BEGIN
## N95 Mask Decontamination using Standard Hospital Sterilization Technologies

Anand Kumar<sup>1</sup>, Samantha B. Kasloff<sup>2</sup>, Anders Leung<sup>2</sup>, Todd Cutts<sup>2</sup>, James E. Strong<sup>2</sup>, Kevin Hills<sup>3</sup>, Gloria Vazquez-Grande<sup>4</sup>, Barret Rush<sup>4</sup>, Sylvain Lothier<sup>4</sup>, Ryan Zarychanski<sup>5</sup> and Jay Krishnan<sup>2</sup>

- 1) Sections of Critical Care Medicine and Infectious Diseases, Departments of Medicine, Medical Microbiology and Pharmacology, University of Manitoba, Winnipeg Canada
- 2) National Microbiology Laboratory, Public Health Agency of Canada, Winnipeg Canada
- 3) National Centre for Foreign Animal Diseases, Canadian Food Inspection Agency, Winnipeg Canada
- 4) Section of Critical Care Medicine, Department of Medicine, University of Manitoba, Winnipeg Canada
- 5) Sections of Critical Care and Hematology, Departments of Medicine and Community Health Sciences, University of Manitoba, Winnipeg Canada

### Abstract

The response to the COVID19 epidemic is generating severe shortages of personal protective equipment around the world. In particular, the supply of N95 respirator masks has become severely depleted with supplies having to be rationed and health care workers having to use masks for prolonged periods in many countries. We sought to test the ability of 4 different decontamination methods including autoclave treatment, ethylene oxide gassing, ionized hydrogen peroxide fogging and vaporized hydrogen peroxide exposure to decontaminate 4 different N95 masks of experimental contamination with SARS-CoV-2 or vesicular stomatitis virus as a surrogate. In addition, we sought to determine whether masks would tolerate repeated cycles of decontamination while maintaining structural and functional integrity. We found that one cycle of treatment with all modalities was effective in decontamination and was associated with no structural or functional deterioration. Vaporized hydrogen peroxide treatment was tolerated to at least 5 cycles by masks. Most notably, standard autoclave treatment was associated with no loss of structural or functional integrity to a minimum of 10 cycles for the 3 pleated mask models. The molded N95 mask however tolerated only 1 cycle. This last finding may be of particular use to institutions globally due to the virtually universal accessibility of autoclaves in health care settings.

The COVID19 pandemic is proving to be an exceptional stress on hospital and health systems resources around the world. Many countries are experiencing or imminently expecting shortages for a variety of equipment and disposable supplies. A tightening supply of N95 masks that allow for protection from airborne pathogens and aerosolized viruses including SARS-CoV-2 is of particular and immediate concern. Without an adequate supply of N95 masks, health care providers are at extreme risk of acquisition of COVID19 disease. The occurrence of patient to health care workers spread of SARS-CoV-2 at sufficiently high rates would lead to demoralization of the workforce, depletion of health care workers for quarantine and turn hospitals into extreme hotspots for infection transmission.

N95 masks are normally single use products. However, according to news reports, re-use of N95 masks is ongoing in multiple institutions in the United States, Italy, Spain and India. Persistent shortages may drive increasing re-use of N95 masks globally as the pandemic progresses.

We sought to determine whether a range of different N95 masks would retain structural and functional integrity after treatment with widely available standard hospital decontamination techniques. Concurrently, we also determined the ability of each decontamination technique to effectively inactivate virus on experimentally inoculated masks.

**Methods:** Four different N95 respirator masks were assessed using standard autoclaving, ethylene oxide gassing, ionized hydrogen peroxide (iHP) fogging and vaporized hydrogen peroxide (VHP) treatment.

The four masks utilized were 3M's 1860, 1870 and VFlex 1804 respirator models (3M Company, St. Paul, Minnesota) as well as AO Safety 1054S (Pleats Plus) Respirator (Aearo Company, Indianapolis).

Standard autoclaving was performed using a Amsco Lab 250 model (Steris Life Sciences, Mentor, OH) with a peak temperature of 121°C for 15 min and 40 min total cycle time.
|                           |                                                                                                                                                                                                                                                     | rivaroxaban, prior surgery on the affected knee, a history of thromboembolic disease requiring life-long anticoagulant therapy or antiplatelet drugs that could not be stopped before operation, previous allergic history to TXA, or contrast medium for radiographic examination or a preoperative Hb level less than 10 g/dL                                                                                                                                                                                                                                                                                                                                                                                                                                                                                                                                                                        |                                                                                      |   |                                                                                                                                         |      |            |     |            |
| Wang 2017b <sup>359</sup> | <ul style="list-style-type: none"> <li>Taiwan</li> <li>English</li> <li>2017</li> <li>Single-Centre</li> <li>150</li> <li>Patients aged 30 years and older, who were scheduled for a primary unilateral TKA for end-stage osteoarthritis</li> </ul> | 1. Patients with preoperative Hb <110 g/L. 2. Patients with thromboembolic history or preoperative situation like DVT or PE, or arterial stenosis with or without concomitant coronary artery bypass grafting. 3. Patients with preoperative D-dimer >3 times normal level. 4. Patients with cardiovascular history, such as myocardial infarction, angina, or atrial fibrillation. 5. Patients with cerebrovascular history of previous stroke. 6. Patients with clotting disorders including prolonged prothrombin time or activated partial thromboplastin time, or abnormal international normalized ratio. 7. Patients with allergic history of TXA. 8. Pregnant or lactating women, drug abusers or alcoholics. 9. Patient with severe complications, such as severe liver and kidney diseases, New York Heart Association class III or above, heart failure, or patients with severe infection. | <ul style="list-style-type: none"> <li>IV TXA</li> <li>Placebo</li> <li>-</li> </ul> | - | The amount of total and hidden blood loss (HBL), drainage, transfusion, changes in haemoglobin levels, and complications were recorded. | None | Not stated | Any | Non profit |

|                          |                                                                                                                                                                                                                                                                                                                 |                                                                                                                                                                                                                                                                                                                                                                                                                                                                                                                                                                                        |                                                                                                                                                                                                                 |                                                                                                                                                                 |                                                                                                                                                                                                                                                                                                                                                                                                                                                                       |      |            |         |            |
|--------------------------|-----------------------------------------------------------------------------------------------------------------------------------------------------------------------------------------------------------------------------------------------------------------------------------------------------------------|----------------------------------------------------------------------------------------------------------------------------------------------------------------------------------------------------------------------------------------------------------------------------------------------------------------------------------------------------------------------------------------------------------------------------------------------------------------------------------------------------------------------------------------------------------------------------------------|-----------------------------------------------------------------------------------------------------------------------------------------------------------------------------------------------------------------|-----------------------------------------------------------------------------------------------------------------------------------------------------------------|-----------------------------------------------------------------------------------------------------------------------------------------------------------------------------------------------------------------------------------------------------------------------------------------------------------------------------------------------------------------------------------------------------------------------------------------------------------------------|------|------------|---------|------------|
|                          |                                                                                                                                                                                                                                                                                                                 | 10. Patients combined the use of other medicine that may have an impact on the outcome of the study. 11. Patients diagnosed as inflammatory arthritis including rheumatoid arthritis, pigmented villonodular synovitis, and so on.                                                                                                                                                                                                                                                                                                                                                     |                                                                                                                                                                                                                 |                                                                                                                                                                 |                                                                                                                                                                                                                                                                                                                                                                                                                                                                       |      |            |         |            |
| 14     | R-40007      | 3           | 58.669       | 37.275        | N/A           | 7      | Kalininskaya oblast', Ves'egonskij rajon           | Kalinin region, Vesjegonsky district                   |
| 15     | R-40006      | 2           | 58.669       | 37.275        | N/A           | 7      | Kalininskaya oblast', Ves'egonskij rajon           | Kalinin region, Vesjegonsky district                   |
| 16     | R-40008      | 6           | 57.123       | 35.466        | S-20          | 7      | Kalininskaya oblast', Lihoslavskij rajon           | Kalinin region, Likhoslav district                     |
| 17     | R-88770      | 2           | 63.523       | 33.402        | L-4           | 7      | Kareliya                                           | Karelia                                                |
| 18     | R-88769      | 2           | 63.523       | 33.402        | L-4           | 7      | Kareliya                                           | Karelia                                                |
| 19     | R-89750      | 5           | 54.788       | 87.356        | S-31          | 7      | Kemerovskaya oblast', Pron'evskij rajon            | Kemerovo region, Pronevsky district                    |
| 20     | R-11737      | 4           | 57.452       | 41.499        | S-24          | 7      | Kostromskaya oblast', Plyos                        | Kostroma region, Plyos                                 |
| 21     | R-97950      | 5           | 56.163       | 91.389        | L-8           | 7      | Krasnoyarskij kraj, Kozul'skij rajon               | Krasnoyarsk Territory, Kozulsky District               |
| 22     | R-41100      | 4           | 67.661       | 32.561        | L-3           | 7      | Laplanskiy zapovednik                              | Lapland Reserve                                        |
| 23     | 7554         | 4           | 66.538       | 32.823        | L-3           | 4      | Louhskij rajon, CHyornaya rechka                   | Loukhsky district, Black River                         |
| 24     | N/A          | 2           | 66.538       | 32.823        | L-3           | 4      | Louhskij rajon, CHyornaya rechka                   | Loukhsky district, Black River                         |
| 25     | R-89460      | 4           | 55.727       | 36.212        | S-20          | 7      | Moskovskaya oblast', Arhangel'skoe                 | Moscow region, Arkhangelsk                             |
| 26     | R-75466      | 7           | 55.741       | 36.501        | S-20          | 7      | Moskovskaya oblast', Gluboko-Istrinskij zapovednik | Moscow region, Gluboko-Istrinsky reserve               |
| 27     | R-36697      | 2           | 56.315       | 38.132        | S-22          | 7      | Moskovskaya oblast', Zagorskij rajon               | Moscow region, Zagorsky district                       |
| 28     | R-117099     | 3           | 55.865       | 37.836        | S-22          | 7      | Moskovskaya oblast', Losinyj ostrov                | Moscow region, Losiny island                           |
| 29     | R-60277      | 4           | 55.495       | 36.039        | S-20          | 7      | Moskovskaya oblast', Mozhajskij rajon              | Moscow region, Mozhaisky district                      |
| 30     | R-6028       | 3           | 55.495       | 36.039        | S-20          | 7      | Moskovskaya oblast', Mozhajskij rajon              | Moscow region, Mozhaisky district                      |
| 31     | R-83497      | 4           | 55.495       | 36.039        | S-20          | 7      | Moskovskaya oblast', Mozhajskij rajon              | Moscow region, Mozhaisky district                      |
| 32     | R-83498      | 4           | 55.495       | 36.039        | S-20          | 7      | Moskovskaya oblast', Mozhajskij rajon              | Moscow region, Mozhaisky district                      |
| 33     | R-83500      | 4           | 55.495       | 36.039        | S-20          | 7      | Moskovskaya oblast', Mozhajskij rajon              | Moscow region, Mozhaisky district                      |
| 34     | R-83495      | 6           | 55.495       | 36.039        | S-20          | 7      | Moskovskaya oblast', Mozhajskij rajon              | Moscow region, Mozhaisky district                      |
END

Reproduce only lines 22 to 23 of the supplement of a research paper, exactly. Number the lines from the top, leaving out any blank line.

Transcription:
| 15     | R-40006      | 2           | 58.669       | 37.275        | N/A           | 7      | Kalininskaya oblast', Ves'egonskij rajon           | Kalinin region, Vesjegonsky district                   |
| 16     | R-40008      | 6           | 57.123       | 35.466        | S-20          | 7      | Kalininskaya oblast', Lihoslavskij rajon           | Kalinin region, Likhoslav district                     |